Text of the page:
The fellowships office will host information sessions in the spring semester for students interested in learning more and applying to the Watson, Fulbright, British, and Schwarzman Scholarships. Look here for dates and times shortly. A few notes:

  1. Students interested in applying for Rhodes, Marshall, Churchill or Mitchell Scholarship nomination MUST submit an internal application by April 7. See our website  for more info.
  2. Students interested in applying for the Fulbright and Watson fellowships are STRONGLY encouraged to submit a preliminary application for these by April 15. This does not commit you to applying, but will help you get started in a timely way.

Students are not eligible to apply in the fall 2018 application cycle are still encouraged to attend the info sessions and learn more!

Join us at the Rohatyn Center on Thursday, Feb 23 at 12:30pm to talk with Tim Fraser ’16, currently conducting research in Japan with a Fulbright grant. Students can learn about Tim’s experience as well as the process for applying for a Fulbright grant as a senior or after graduation.

National Institute on Drug Abuse (NIDA) Research Internship Program

Application Deadline: February 10, 2017

Summer research internships located at approximately 47 sites in 23 states. Interns work with NIDA funded scientists at research institutions across the US for 8 weeks in the field of substance abuse and addiction research. For a complete list of research sites participating in the 2017 program please see the online brochure.

Internships may involve a variety of experiences including laboratory experiments, data collection and analysis, patient interviews, literature reviews and more.

•Applicants must be at least 18 years old by May 31, 2017, must be enrolled in a higher education institution, and must be U.S. citizens or permanent residents of the United States. Graduating 2017 college seniors are eligible to apply

•Interns receive a stipend of $12/hr., and if necessary and eligible, provisions for travel and housing expenses.

•Focus on recruiting students underrepresented in the biomedical, behavioral, and clinical sciences (American Indian/Alaska Native, Black/African American, Hispanic/Latino, Native Hawaiian/Pacific Islander).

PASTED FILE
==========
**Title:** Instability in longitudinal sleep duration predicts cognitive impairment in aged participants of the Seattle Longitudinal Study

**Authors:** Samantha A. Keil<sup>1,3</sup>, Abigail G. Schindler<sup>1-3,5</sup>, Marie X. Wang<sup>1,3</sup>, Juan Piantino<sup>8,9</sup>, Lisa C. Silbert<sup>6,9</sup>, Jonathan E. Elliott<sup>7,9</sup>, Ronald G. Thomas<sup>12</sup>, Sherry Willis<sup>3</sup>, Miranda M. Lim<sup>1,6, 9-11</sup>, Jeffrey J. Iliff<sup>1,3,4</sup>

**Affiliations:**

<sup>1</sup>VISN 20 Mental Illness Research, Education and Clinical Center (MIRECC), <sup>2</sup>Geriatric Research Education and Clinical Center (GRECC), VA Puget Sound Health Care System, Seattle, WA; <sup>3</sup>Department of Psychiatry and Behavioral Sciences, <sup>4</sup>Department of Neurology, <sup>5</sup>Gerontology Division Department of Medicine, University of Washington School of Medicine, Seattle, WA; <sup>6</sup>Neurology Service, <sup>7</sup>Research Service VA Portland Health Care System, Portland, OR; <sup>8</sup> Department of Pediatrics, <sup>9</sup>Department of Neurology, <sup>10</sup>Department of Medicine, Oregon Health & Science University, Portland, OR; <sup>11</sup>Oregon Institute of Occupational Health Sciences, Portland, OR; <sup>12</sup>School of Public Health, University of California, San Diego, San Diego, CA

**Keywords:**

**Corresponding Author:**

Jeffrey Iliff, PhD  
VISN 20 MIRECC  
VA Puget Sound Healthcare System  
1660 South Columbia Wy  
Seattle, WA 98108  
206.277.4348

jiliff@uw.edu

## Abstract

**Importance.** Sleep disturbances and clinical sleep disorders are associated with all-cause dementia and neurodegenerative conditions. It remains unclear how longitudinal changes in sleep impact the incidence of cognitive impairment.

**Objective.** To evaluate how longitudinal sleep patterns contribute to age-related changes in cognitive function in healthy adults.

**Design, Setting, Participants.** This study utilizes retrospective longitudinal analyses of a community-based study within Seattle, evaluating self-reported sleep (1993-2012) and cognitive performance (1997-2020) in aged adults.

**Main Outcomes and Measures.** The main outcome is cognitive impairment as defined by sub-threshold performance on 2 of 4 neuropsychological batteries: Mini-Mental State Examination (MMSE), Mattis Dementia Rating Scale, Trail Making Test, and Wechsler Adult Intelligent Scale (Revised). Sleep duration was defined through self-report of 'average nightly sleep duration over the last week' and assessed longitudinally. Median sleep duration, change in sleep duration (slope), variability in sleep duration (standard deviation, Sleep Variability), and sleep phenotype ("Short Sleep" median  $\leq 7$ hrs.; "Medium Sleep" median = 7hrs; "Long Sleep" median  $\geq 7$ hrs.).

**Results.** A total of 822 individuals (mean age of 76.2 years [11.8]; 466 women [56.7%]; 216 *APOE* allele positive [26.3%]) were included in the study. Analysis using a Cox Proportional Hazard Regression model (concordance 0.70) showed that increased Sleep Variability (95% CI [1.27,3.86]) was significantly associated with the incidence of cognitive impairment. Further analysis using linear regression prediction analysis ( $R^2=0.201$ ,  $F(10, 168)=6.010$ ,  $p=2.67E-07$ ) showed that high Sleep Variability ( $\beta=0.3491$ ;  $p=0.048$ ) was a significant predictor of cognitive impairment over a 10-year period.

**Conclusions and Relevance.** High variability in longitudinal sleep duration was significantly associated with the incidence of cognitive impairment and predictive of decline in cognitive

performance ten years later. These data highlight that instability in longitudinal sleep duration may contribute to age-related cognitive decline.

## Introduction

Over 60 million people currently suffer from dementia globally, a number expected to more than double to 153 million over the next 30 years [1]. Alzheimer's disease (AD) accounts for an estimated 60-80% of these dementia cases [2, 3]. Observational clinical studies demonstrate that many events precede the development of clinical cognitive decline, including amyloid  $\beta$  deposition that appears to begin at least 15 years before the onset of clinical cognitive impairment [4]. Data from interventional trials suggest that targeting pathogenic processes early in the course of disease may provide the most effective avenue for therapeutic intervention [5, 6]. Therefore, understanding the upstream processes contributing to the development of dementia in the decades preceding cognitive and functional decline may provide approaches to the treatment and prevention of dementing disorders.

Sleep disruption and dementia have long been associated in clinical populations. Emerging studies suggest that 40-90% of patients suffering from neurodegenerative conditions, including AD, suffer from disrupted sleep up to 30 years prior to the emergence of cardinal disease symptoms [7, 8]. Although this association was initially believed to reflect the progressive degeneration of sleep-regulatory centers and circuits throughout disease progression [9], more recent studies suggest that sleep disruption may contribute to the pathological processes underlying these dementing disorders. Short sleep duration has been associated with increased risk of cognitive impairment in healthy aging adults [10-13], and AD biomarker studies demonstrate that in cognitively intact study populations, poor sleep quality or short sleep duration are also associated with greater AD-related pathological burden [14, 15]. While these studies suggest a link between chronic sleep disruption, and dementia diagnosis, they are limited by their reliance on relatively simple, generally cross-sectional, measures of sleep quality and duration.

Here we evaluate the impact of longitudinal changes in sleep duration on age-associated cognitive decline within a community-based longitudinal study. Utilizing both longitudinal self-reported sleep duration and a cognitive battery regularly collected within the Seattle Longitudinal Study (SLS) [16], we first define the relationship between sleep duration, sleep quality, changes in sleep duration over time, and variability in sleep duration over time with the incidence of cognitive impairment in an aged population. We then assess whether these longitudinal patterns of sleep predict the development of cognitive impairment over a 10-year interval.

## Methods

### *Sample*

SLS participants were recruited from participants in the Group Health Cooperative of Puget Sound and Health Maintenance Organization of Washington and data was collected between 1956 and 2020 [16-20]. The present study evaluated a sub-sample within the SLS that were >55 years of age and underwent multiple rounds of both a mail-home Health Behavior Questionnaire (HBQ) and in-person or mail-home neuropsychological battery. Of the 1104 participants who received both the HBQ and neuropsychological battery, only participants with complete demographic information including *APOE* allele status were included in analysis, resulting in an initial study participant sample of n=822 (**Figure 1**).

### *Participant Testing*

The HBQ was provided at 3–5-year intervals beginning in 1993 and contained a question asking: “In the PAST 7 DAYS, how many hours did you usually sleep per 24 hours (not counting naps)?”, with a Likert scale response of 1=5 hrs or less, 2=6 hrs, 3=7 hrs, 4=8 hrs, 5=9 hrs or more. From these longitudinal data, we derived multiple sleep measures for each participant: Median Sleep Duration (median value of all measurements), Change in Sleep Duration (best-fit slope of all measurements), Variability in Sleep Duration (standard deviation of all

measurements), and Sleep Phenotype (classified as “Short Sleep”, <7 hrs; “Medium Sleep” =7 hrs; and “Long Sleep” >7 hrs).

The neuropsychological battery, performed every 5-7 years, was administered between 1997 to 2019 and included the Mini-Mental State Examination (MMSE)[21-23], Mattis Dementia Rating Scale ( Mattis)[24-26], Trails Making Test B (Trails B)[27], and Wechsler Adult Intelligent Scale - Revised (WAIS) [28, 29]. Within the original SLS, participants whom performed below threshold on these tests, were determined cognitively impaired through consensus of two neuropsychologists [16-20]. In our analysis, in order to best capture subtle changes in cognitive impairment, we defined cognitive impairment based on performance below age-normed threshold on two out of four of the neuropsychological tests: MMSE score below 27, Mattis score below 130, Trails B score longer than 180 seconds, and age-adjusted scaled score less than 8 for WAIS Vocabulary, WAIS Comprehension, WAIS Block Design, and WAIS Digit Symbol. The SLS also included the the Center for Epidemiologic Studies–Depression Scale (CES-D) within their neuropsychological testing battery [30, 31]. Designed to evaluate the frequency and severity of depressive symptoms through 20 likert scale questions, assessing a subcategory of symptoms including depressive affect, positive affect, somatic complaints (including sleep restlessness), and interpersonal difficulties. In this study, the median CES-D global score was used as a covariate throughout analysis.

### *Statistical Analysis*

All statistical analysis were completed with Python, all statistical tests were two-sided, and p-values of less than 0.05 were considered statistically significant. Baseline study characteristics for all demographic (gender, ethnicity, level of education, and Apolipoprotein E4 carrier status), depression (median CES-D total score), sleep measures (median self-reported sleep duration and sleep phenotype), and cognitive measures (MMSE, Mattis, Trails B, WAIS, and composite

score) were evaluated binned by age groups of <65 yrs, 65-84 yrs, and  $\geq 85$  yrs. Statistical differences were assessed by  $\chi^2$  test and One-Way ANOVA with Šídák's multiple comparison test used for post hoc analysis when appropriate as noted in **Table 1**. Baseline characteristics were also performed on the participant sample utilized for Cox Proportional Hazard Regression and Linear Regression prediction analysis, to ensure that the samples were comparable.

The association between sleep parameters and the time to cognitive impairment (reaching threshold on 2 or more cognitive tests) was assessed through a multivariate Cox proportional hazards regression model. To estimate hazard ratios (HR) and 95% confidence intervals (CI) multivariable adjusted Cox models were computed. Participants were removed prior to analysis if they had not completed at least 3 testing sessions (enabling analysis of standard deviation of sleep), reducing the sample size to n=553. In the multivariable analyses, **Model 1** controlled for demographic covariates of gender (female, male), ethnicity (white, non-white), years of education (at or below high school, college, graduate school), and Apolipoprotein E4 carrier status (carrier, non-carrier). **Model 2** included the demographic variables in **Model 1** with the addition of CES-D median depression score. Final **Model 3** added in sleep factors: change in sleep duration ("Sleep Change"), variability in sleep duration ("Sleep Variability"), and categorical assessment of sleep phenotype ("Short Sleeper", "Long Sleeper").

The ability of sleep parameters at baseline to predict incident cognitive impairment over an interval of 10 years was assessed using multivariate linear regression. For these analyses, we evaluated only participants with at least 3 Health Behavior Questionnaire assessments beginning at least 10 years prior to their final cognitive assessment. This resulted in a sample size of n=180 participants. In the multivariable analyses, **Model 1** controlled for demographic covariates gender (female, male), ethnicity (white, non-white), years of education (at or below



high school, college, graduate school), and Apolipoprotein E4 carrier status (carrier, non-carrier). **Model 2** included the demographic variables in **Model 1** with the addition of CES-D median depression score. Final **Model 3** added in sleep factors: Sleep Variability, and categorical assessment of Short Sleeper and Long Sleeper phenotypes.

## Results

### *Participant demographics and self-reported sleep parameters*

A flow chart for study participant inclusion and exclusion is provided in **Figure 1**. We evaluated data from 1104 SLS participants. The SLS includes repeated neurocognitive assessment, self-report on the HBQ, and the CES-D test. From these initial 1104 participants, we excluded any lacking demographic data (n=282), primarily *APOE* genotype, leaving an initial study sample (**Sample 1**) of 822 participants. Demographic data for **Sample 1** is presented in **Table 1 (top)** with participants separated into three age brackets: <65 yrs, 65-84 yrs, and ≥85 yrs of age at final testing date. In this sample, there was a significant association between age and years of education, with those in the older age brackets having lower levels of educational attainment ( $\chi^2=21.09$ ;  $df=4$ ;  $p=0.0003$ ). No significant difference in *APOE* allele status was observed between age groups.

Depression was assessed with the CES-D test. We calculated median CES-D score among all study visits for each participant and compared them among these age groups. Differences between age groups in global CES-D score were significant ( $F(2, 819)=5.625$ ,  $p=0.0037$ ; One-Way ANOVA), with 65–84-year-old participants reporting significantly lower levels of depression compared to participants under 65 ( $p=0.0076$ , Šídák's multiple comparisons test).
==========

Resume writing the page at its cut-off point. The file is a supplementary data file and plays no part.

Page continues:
To apply online and to view complete program information, see the NIDA Summer Research Internship site.

Please join Undergraduate Research in the Center for Teaching, Learning, and Research (Davis Library 225) on Tuesday, January 17 for presentations from our Feb Kellogg Fellows. Refreshments available beginning at 4:15 pm. Presentations will begin at 4:30 pm. The fellows, as well as Dean Lisa Gates, will be available for general questions about the fellowship at the end of the presentations.

Matthew Spitzer ’16.5–Conceiving the Non-Conceptual: Language at Its Limit in Buddhist Thought

Caroline Cating ’16.5–Perceptions of Slang in Iberian Spanish: The Case of Caló Loanwords

Hasher Nisar ’16.5–Examining the Effect of Geographical Location on the Status Hierarchies of Muslims and Jews–Evidence from the New York Times and the Guardian, 1985-2014

The Kellogg Fellowship was awarded to eight students for 2016-17 to support senior thesis research in the humanities and areas of humanistic inquiry. Other Kellogg fellows will present in the spring semester, including at the Spring Student Symposium. More information is available at http://go.middlebury.edu/kellogg.

The Foreign Affairs IT Fellowship was launched by the State Department to address its growing need for technology expertise in the field of diplomacy, in addition to increasing the representation of diverse groups among its service. The Fellowship is designed to attract outstanding individuals from all ethnic, racial and social backgrounds who have an interest in pursuing a Foreign Service career with the U.S. Department of State. Women, members of minority groups historically underrepresented in the Foreign Service and students with financial need are encouraged to apply. Program highlights include:

  • Undergraduate candidates (2 fellowships available): Up to $37,500 annually for tuition, room and board, books, mandatory fees and some travel expenses for junior and senior years of undergraduate studies related to an Information Technology field.
  • Graduate candidates (3 fellowships available): Up to $37,500 annually for tuition, room and board, books, mandatory fees and some travel expenses for a two-year master’s degree in an IT-related field.
  • Two summer internships, one at a domestic office of the Department of State in Washington, D.C. and one overseas at a U.S. embassy or consulate. The program provides stipends, transportation and housing for these internships.
  • Employment in the Department of State Foreign Service for those who successfully complete the program and Foreign Service IMS entry requirements.

The application for the Fellowship is available on The Washington Center’s website. Students are also encouraged to visit the Foreign Affairs IT Fellowship page to assess their eligibility and review expectations for selected fellows. All applications for undergraduate and graduate fellowships must be completed by February 13, 2017 at 11:59 p.m. EST in order to be considered.

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